When you express too much, you run the risk of being misunderstood. [Oh, the irony!] The Society of Jesus can be described only in narrative form. Only in narrative form do you discern, not in a philosophical or theological explanation, which allows you rather to discuss. The style of the Society is not shaped by discussion, but by discernment, which of course presupposes discussion as part of the process. The mystical dimension of discernment never defines its edges and does not complete the thought. The Jesuit must be a person whose thought is incomplete, in the sense of open-ended thinking. There have been periods in the Society in which Jesuits have lived in an environment of closed and rigid thought, more instructive-ascetic than mystical…. (30 September 2013)

Pope Francis is seeking to build a “new way of being church” for Roman Catholics in a similar way to how St. Francis of Assisi reported being told by God to repair the church [Oh, the irony! “Repair”, like “renew” and “reform”, is being used as a leftist fudge word for “reconstruct”. We trads are targeted as the “unreconstructed bourgeoisie”.] during the 13th century, a cardinal who is one of the pontiff’s closest advisers said.

“There is a new concept of church here” in how the pope is governing the Vatican, said Honduran Cardinal Oscar Rodríguez Maradiaga, speaking April 8 in St. Petersburg, Fla. “There is a new way of thinking, including the way of governing in the church, here.”

However, Rodríguez said, while Francis is popular among people around the world, he is facing opposition in the Roman Curia.

“We have to be prepared, since this beautiful but strange popularity is beginning to strengthen adherences, but equally to awaken deaf opposition not only in the old Curia, but in some who are sorry to lose privileges in treatment and in comforts,” Rodríguez said.

“Expressions like ‘What can it be that this little Argentine pretends?’, or the expression of a well-known cardinal who let slip the phrase, ‘We made a mistake,’ can be heard,” Rodríguez said, making an apparent reference to a cardinal who regrets the selection of Argentine Cardinal Jorge Bergoglio as pope. …

Saying the pope is creating “a new way of being church,” Rodríguez said Francis “feels called to construct” a church that is, among other things:

  • At the service of this world by being faithful to Christ and his Gospel”;
  • “Free from all mundane [i.e. pietistic or traditional] spirituality“;
  • “Free from the risk of being concerned about itself, of becoming middle-class, of closing in on self, of being a clerical church”; [Always with the irony, these guys!]
  • Able to “offer itself as an open space in which all of us can meet and recognize each other because there is space for dialogue, diversity and welcome in it”;
  • A church that pays “just attention and gives importance to women in both society and its own institutions.”

Rodríguez ended his talk by directly relating God’s reported message to St. Francis to Pope Francis.

“Today, as in the past, the Lord has again called Francis and has asked of him the very same thing he asked of him of Assisi,” Rodríguez said. [What Orwellian Quatsch! St. Francis would have been suppressed like the FFI for his rigorism, and branded as an ideologue for his missionary zeal. The ghost of Joachim of Fiore is afoot! The fearsome fanatical Fraticelli are afloat!] (21 April 2014)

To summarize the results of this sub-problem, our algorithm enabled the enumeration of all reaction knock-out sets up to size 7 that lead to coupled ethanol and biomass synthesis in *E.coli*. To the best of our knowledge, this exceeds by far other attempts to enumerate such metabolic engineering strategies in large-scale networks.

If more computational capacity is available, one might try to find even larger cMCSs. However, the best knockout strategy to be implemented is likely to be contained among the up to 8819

Razing Bastions intro 7


Razing Bastions intro 9

“How are we treating the people of God? I dream of a church that is a mother and shepherdess. The church’s ministers must be merciful, take responsibility for the people and accompany them like the good Samaritan, who washes, cleans and raises up his neighbor. This is pure Gospel. God is greater than sin. The structural and organizational reforms are secondary—that is, they come afterward. The first reform must be the attitude. The ministers of the Gospel must be people who can warm the hearts of the people, who walk through the dark night with them, who know how to dialogue and to descend themselves into their people’s night, into the darkness, but without getting lost. The people of God want pastors, not clergy acting like bureaucrats or government officials. The bishops, particularly, must be able to support the movements of God among their people with patience, so that no one is left behind. But they must also be able to accompany the flock that has a flair for finding new paths.

“Instead of being just a church that welcomes and receives by keeping the doors open, let us try also to be a church that finds new roads, that is able to step outside itself and go to those who do not attend Mass, to those who have quit or are indifferent. The ones who quit sometimes do it for reasons that, if properly understood and assessed, can lead to a return. But that takes audacity and courage.”

I take in what the pope is saying, and I mention that there are Christians who live in situations that from the point of view of the church [?!] are irregular or somewhat complex, Christians that, in one way or another, live with open wounds. I [Fr. Spadaro] mention the divorced and remarried, same-sex couples and other difficult situations. What kind of pastoral work can we do in these cases? What kinds of tools can we use? The pope signals that he understands what I mean and he responds: